Australia — Climate councillor Tim Flannery has spoken about how conservative elements in nations abroad have dipped into their pocketbooks and plush leather purses to ensure Australia doesnt fall off the climate horse.
In part one of a two-part video interview with Climate Spectator, above, Dr Flannery said the volunteer Climate Council, born out of the ashes of the Coalition-culled Climate Commission, had raised around $1.2 million, with some surprising donations coming from offshore.
There is general dismay at it (overseas), he said.
Weve had support actually from the conservative end of politics in the United Kingdom with various members of parliament and lords actually giving us financial contributions.
Weve had financial these are small ones, you know small financial contributions from the US and Europe as well. And people make the point that this is our common atmosphere and we need to safeguard it by making sure that Australia, which is the largest per capita polluter among developed countries that the people of Australia understand whats at stake.
The United Kingdom has a $6.7 billion national green bank, even though its wind and solar resources are far worse than Australia, a bipartisan emissions reduction target of 80 per cent by 2050, and a renewable energy target of 15 per cent by 2020.
The United States has a patchwork of carbon trading schemes across the country, led by Californias ETS, and the recently announced Climate Action Plan is expected to make a big dint in already falling emissions via fossil fuel regulation and energy efficiency measures.
The donations add weight to the opinion that Australias reputation is coming under increasing scrutiny from the climate-concerned global community, not so much due to the undoing of the carbon price, which will be replaced with a new, potentially credible scheme of abatement auctions but, moreso, around decisions to trash relatively inexpensive climate bodies, such as the commission, the soon-to-be-dismantled policy advisory body the Climate Change Authority, and the budget-positive Clean Energy Finance Corporation.
Last months NSW bushfires added to the international murmurs, when Prime Minister Tony Abbotts statements delinking the unseasonal blazes from climate changes saw him exchanging barbs with UN climate chief Christiana Figueres.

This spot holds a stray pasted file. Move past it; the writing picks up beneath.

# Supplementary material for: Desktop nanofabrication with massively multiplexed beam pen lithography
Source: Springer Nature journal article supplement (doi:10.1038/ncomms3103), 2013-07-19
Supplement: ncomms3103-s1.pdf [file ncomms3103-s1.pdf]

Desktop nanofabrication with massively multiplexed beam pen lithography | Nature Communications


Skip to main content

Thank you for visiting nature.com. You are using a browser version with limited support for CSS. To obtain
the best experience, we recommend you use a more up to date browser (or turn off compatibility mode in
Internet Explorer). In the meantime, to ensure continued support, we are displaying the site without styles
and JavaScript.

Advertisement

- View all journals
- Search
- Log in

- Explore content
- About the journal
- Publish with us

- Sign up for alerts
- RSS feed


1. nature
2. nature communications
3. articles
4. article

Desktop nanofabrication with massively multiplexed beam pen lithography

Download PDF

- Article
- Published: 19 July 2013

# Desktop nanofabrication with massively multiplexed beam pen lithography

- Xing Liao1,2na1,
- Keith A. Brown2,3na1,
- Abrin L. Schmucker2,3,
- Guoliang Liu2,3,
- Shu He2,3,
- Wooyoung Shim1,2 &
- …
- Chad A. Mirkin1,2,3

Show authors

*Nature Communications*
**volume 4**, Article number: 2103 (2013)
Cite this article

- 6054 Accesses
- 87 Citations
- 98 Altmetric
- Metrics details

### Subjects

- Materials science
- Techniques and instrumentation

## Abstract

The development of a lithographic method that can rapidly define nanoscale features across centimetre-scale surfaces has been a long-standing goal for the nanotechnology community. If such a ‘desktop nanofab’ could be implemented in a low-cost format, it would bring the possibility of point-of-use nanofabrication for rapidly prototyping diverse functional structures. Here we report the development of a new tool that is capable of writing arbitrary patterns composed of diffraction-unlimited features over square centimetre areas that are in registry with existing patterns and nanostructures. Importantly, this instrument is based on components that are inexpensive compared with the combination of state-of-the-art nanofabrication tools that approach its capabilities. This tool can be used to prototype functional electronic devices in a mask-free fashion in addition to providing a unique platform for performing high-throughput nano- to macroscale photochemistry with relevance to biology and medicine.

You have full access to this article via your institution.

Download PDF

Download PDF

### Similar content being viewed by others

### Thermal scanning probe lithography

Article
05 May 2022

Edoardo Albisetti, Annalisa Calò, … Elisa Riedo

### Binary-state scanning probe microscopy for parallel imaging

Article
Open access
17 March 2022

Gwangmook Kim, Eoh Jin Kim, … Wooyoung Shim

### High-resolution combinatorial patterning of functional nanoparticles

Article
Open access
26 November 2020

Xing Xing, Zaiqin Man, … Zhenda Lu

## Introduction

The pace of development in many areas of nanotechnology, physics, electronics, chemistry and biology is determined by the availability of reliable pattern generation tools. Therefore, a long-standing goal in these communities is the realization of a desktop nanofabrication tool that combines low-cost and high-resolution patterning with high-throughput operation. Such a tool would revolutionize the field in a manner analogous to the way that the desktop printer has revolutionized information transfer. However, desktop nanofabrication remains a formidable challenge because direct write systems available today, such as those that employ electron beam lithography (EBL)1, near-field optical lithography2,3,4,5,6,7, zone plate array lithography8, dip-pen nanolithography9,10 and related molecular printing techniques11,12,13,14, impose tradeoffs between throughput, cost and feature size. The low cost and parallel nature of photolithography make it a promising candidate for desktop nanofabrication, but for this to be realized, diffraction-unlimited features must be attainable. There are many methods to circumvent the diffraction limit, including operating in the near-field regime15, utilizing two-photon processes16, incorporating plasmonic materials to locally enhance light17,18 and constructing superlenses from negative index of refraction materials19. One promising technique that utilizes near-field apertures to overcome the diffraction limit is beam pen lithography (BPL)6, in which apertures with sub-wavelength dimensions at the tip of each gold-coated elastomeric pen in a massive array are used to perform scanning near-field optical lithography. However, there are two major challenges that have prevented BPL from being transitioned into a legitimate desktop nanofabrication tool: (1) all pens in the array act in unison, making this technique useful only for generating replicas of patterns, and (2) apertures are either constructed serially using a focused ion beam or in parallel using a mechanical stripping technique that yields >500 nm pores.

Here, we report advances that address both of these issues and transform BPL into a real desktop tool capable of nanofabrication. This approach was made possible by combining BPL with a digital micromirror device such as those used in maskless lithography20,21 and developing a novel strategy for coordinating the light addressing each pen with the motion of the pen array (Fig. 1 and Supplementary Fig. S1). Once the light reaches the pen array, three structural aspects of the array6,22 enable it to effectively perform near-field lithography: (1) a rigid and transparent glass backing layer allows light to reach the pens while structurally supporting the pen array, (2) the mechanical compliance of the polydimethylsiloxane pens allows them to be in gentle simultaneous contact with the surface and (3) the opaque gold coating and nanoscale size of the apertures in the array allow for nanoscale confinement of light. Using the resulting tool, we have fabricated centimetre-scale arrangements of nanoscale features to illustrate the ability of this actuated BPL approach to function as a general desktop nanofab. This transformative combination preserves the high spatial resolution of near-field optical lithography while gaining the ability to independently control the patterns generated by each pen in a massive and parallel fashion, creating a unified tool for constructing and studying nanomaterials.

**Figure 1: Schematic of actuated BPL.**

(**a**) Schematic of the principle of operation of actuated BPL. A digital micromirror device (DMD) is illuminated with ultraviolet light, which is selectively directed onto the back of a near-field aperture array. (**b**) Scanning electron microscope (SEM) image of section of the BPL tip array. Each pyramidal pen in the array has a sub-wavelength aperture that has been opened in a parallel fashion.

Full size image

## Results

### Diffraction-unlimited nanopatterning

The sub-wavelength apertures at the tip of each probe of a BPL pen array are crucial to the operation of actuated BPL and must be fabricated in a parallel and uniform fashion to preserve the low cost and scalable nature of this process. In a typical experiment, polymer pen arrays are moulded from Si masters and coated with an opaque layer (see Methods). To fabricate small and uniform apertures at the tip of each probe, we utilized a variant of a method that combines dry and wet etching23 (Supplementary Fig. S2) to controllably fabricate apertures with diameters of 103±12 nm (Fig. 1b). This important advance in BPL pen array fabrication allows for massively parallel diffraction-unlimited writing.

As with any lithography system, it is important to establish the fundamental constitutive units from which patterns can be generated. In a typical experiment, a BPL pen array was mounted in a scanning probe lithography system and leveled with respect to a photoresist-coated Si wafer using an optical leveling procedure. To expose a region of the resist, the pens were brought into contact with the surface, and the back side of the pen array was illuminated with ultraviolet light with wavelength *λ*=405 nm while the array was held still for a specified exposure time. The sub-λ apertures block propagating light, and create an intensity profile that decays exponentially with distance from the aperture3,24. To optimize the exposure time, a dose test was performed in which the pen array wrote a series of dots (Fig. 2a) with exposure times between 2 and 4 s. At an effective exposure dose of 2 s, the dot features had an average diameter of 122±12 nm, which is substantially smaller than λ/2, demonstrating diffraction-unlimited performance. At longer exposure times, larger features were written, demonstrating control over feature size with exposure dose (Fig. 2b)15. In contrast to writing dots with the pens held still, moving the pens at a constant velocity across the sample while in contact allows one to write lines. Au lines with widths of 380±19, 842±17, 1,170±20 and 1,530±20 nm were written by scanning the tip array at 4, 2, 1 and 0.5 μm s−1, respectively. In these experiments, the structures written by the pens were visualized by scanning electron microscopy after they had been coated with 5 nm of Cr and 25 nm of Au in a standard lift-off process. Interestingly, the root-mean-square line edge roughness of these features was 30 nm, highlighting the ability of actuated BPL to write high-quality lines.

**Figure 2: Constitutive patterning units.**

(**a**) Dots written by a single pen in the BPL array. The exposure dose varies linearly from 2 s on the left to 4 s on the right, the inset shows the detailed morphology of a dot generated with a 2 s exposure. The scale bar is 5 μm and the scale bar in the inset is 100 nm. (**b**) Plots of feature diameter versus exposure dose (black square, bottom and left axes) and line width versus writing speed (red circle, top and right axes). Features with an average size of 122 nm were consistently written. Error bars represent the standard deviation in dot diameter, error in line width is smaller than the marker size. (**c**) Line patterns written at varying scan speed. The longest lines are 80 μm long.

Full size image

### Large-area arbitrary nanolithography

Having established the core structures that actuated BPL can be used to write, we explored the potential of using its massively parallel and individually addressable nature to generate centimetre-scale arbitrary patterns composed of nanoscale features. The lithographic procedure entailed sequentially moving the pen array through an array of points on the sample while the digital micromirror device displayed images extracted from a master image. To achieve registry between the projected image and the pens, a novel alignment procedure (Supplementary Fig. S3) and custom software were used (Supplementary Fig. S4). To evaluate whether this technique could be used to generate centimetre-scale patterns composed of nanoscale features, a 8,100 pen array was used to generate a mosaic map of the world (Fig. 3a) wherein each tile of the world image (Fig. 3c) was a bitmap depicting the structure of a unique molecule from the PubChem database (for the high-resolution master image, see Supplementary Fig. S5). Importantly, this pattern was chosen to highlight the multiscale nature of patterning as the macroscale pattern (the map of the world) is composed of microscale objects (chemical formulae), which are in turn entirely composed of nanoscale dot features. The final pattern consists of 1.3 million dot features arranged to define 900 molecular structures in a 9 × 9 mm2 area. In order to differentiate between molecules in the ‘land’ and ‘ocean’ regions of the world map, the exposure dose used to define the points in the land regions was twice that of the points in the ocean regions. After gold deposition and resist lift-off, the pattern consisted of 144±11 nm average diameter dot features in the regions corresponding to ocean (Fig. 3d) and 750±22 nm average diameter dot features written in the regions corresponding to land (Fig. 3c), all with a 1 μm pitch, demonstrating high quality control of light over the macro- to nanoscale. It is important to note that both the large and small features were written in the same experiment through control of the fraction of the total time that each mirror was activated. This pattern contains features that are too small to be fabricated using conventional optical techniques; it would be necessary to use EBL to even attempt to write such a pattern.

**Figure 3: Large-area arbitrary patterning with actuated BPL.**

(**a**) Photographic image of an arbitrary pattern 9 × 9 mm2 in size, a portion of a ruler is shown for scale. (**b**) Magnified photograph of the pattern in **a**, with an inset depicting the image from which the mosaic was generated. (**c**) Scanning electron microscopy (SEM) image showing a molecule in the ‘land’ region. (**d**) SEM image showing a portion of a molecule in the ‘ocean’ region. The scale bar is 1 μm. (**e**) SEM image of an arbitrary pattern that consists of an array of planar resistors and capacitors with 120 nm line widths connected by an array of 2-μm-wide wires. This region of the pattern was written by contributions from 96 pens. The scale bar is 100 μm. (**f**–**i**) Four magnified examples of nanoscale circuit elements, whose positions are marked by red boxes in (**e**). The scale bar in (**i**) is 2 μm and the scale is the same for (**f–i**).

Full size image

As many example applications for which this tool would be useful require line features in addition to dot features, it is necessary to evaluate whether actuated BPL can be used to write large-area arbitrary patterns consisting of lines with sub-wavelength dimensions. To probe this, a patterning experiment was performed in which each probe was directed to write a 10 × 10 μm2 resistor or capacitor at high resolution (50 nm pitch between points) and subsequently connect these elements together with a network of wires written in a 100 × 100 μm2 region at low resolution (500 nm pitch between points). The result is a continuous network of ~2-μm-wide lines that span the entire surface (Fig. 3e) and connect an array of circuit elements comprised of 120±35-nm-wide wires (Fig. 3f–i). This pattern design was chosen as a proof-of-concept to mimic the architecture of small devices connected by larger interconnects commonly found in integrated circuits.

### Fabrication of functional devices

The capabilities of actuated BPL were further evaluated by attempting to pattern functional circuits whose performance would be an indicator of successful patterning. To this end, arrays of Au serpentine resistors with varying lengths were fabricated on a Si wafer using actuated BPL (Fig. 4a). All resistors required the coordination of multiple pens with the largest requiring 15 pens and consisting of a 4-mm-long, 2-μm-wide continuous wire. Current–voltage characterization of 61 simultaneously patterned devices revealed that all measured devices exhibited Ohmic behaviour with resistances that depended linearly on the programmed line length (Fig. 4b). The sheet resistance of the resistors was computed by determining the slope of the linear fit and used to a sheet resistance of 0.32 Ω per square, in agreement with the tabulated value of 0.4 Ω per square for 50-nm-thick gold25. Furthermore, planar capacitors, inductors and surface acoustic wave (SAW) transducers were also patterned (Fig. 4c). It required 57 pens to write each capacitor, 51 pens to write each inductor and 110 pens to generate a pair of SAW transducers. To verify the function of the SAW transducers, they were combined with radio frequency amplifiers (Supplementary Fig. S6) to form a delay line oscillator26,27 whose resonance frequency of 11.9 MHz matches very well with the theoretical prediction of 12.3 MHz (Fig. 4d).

And, more recently, Australia was lumped among the bad boys of UN climate talks in Poland for its opposition to any new aid deals for developing countries, stating such measures came under the banner of socialism masquerading as environmentalism.
Well, look, at the Climate Council we dont comment on policy because we want to stay out of politics, but we will say when our politicians get it wrong and in [that] case our prime minister was absolutely and categorically wrong, Flannery said.
What we know is that in Australia we are seeing a warming and drying trend thats manifesting in south eastern Australia and its having a direct influence on bushfires, as common sense would tell you. So, thats a very clear case. In our report that well be bringing out next month well fill in the details in that.
But while Australia may look shaky, Flannery who confidently declares in the second part of the interview that climate sceptics are losing the political battle says the world at large has finally tilted in the right direction, citing enormous, unanticipated advances in the US and China.
In the US, emissions have declined ever since 2008 and are now about 8 per cent below what they were at their peak. Thats a massive achievement and thats putting the US well on track to reach its target of minus 17 per cent by 2020, and thats come about through a few things.
One is the substitution of gas for coal in the electricity sector. Another is the new fuel efficiency standards that President Obama brought forward and of course the California Emissions Trading Scheme, an ETS, will have an impact as well, growing impact in future. In China things have been even more dramatic…